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The Collegian

The Student News Site of Tarrant County College

The Collegian

The Student News Site of Tarrant County College

The Collegian

Students reach out to ‘forgotten’ in area treatment center

Mickey LaRue of Pine Street treatment center, left, Stephen Keese and Candice Vermuelen discuss what they will be doing during their visit to the center for people in need.  Photo by Gary Collins/The Collegian
Mickey LaRue of Pine Street treatment center, left, Stephen Keese and Candice Vermuelen discuss what they will be doing during their visit to the center for people in need. Photo by Gary Collins/The Collegian

By Gary Collins/managing editor

Mickey LaRue of Pine Street treatment center, left, Stephen Keese and Candice Vermuelen discuss what they will be doing during their visit to the center for people in need.  Photo by Gary Collins/The Collegian
Mickey LaRue of Pine Street treatment center, left, Stephen Keese and Candice Vermuelen discuss what they will be doing during their visit to the center for people in need. Photo by Gary Collins/The Collegian

Motivated by their own life experiences, Stephen Keese and Candice Vermuelen took time to share words of encouragement to the less fortunate.

Beginning in October, Keese and Vermuelen, NE students visited MHMR treatment centers with what, they called Project Dependency Outreach.

The project was the idea of Keese, student and part-time college employee.

Keese began brainstorming last spring and came up with the idea to reach out to those people he calls “the forgotten.”

“There were so many reasons I did this,” he said. “I believe that if we reach out to the treatment centers, it will reduce the debt to society because of their getting an education like me.”

Keese credits the people who took the time to mentor him and not write him off. He wanted to give that experience to others.

“Now I’m doing better in my life. When everyone else had given up on me, I had people who motivated me to go back to school and to get an education,” he said.

Keese searched for treatment centers willing to allow him to speak with their patients. Through his search, he found the MHMR Tarrant County Recovery Center also known as Pine Street.

Pine Street aids and treats victims, many who are or were homeless, of alcohol and drug addiction. The students also spoke to teens at the Tarrant Youth Recovery Campus.

The project was approved by the TCC administration and the NE Ambassadors, a student club that promotes the college. Vermuelen and Keese began making their rounds as the unofficial ambassadors from TCC.

“I wanted to represent TCC because they were a part of my recovery especially Lori [Fowler],” Vermuelen said. “I was proud to wear my TCC Ambassadors shirt.”

Coming from vastly different worlds, both students found themselves immersed in a world of drug addiction.

Keese’s troubles began after he was diagnosed with ADD at 8.

“I was basically deemed unsuccessful at life and just kind of pushed along from grade to grade, and I believe being put on Ritalin and other behavior drugs contributed to my addiction,” he said.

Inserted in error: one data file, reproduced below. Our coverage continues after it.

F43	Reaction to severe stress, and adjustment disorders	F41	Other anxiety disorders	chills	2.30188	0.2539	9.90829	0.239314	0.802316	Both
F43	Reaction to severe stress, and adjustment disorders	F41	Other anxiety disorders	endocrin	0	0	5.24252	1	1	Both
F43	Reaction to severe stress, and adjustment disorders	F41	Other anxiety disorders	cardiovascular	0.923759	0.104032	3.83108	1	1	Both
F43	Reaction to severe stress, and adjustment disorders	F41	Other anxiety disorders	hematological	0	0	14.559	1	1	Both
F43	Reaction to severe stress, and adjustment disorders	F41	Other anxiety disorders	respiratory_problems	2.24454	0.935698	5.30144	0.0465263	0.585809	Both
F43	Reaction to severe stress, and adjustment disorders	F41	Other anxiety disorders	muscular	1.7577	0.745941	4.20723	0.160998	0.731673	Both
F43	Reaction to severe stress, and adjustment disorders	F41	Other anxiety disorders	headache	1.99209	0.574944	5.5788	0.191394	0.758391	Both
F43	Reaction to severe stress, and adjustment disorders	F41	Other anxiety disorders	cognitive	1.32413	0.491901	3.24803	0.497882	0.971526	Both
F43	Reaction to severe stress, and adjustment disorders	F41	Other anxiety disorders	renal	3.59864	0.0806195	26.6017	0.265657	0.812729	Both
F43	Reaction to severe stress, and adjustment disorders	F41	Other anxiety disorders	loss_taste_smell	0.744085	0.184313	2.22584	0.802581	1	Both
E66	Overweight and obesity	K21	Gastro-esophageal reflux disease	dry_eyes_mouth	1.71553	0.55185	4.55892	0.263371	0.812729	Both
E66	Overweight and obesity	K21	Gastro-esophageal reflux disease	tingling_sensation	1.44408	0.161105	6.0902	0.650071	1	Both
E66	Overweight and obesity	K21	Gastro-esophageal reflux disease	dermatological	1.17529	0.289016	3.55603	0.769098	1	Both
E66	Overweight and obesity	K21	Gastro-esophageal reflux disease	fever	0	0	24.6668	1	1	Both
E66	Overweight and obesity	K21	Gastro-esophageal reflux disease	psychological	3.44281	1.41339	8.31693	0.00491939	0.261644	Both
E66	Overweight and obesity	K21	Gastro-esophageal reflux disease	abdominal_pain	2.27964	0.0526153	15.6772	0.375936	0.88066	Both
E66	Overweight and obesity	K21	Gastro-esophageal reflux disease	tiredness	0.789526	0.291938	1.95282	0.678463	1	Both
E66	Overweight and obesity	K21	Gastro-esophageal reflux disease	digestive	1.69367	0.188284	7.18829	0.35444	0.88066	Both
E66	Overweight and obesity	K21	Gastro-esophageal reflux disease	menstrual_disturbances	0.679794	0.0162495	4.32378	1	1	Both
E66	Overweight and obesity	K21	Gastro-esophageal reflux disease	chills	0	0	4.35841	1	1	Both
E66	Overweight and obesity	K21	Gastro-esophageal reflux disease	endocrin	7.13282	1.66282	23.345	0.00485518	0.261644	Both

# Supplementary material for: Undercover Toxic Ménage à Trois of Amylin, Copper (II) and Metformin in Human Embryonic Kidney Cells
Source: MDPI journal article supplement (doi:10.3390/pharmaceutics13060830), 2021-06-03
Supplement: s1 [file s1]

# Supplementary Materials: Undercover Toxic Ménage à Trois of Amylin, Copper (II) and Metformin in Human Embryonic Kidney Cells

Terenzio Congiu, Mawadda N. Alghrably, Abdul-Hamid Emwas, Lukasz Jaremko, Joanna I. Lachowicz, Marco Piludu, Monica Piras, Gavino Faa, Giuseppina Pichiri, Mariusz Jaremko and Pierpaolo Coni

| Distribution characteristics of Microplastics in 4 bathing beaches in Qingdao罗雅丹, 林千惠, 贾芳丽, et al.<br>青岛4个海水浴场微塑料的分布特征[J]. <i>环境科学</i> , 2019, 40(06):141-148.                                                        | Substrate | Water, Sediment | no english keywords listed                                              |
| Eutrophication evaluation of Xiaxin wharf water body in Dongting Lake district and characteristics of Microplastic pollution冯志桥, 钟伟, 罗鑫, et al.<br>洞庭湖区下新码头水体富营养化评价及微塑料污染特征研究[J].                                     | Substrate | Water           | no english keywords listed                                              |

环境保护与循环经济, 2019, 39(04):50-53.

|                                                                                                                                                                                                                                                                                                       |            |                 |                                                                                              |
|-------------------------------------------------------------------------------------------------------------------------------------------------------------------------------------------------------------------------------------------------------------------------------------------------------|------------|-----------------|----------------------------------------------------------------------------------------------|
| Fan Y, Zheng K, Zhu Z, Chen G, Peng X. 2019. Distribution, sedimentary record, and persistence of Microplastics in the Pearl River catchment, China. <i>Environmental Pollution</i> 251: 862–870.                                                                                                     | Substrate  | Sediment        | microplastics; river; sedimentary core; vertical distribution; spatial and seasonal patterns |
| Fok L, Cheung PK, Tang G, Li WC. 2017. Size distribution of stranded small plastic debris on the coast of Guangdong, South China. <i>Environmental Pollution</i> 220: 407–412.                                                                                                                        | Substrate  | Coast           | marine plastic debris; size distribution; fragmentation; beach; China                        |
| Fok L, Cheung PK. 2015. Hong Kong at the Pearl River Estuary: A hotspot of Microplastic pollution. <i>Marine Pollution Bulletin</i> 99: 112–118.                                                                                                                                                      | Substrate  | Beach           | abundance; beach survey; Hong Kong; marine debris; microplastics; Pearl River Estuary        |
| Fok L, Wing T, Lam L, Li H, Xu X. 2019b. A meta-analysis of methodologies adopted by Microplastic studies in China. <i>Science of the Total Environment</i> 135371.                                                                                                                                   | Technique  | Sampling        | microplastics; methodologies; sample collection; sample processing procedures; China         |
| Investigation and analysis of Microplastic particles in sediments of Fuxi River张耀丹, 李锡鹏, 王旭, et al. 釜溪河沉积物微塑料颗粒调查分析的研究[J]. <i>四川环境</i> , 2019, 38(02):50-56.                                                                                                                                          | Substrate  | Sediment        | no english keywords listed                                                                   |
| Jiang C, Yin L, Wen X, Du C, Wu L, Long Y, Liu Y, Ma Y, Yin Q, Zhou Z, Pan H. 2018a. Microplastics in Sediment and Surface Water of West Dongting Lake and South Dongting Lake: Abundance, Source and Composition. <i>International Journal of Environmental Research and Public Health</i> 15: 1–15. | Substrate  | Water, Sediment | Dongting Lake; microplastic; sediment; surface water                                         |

As Keese got older, the years of medication had created a void in his life.

That void, combined with not having an education, hindered his future.

Frustrated and finding himself wanting drugs and more drugs, he eventually dropped out of high school.

“I didn’t care about myself; I didn’t care about anything, and I got caught up in the drugs,” he said.

Vermuelen, a former TCU student and Pine Street patient, got caught in the darker side of life.

“At TCU, I lived a double life, going to my classes during the day and doing some other things at night,” she said.

Her troubles began after she met a guy who led her astray. Vermuelen cites her parents’ intervention as a changing factor in her life.

After they stopped paying for her classes [at TCU], she found coming to TCC a humbling experience for her.

“I did not want to go [to Pine Street]. My parents basically sent me, and I was court ordered,” she said. “When I was there, I never thought I would be on the other side.”

Vermuelen’s self-esteem was her biggest obstacle to solve. She said the counselors at Pine Street thought she was one of the most stubborn people they ever had.

“My change of thought after being there was huge,” she said.

After her recovery, Vermuelen decided to continue her studies at TCC.

“It was my choice to stay here because I like the environment, the teachers and the clubs. I like the small school atmosphere,” she said.

The duo went into the project with the goal of giving to others, not seeking community service points.

“My goal is to reach people through my experience and give them strength and hope,” he said. “I want to give them hope and say, ‘hey … we care about you.’ And also to get them to come to college. That’s the goal … that’s what we want as a society, right?”

Keese is certain his and Candice’s words did not fall on deaf ears.

“The enthusiasm we got from everybody raising their hands and saying, ‘Yeah, I wanna go to college’ was encouraging,” he said. “If just one person goes [to college] it’ll be worth it.”

In their presentations, Keese and Vermuelen gave information on getting financial aid, completing a GED and submitting an application. They ended by handing out brochures on a few TCC degree programs.

“I wanted physical things [for them] to look at and see this is what they have to do,” he said, “also being able to help them learn it’s not that hard to go to school.”

Speaking from experience, Keese and Vermuelen have the credibility to stand behind their words.

“I know when I had somebody talking to me who had a similar experience of what I went through like a mentor, I took those words and ran with it,” Keese said, “I think everyone is that way.”

As of Nov. 16, Keese has been clean and sober 10 years.

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